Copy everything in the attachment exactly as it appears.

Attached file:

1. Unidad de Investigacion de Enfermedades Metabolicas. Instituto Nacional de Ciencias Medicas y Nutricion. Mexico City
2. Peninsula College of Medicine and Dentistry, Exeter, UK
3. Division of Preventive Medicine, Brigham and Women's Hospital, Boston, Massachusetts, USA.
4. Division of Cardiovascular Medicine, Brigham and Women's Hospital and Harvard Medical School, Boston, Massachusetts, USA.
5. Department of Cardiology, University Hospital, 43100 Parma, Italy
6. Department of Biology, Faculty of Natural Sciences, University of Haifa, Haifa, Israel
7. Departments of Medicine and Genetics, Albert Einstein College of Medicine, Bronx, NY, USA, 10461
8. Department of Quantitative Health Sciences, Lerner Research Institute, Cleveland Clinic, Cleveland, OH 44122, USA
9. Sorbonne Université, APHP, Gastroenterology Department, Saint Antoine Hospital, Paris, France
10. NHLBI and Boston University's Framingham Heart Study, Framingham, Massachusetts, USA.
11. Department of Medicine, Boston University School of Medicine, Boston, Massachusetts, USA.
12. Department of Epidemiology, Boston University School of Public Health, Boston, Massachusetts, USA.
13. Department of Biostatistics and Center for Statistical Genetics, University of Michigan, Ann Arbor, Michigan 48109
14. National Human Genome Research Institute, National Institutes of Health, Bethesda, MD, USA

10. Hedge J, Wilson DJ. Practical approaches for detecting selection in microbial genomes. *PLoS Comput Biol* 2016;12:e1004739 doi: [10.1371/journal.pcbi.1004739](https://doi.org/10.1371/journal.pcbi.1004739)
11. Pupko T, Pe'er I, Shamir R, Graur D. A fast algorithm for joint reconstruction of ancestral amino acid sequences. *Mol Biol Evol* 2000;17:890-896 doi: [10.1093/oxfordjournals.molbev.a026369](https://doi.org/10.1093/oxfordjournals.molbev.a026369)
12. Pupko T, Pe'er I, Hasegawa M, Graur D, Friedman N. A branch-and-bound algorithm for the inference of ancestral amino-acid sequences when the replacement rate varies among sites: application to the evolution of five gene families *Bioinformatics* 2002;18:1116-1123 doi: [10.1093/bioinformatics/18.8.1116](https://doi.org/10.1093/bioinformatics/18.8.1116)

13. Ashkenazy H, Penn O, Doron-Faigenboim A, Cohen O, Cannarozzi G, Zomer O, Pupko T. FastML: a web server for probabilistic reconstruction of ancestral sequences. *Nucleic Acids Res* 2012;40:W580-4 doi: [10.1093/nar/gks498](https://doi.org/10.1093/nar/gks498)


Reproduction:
1. Unidad de Investigacion de Enfermedades Metabolicas. Instituto Nacional de Ciencias Medicas y Nutricion. Mexico City
2. Peninsula College of Medicine and Dentistry, Exeter, UK
3. Division of Preventive Medicine, Brigham and Women's Hospital, Boston, Massachusetts, USA.
4. Division of Cardiovascular Medicine, Brigham and Women's Hospital and Harvard Medical School, Boston, Massachusetts, USA.
5. Department of Cardiology, University Hospital, 43100 Parma, Italy
6. Department of Biology, Faculty of Natural Sciences, University of Haifa, Haifa, Israel
7. Departments of Medicine and Genetics, Albert Einstein College of Medicine, Bronx, NY, USA, 10461
8. Department of Quantitative Health Sciences, Lerner Research Institute, Cleveland Clinic, Cleveland, OH 44122, USA
9. Sorbonne Université, APHP, Gastroenterology Department, Saint Antoine Hospital, Paris, France
10. NHLBI and Boston University's Framingham Heart Study, Framingham, Massachusetts, USA.
11. Department of Medicine, Boston University School of Medicine, Boston, Massachusetts, USA.
12. Department of Epidemiology, Boston University School of Public Health, Boston, Massachusetts, USA.
13. Department of Biostatistics and Center for Statistical Genetics, University of Michigan, Ann Arbor, Michigan 48109
14. National Human Genome Research Institute, National Institutes of Health, Bethesda, MD, USA

10. Hedge J, Wilson DJ. Practical approaches for detecting selection in microbial genomes. *PLoS Comput Biol* 2016;12:e1004739 doi: [10.1371/journal.pcbi.1004739](https://doi.org/10.1371/journal.pcbi.1004739)
11. Pupko T, Pe'er I, Shamir R, Graur D. A fast algorithm for joint reconstruction of ancestral amino acid sequences. *Mol Biol Evol* 2000;17:890-896 doi: [10.1093/oxfordjournals.molbev.a026369](https://doi.org/10.1093/oxfordjournals.molbev.a026369)
12. Pupko T, Pe'er I, Hasegawa M, Graur D, Friedman N. A branch-and-bound algorithm for the inference of ancestral amino-acid sequences when the replacement rate varies among sites: application to the evolution of five gene families *Bioinformatics* 2002;18:1116-1123 doi: [10.1093/bioinformatics/18.8.1116](https://doi.org/10.1093/bioinformatics/18.8.1116)

13. Ashkenazy H, Penn O, Doron-Faigenboim A, Cohen O, Cannarozzi G, Zomer O, Pupko T. FastML: a web server for probabilistic reconstruction of ancestral sequences. *Nucleic Acids Res* 2012;40:W580-4 doi: [10.1093/nar/gks498](https://doi.org/10.1093/nar/gks498)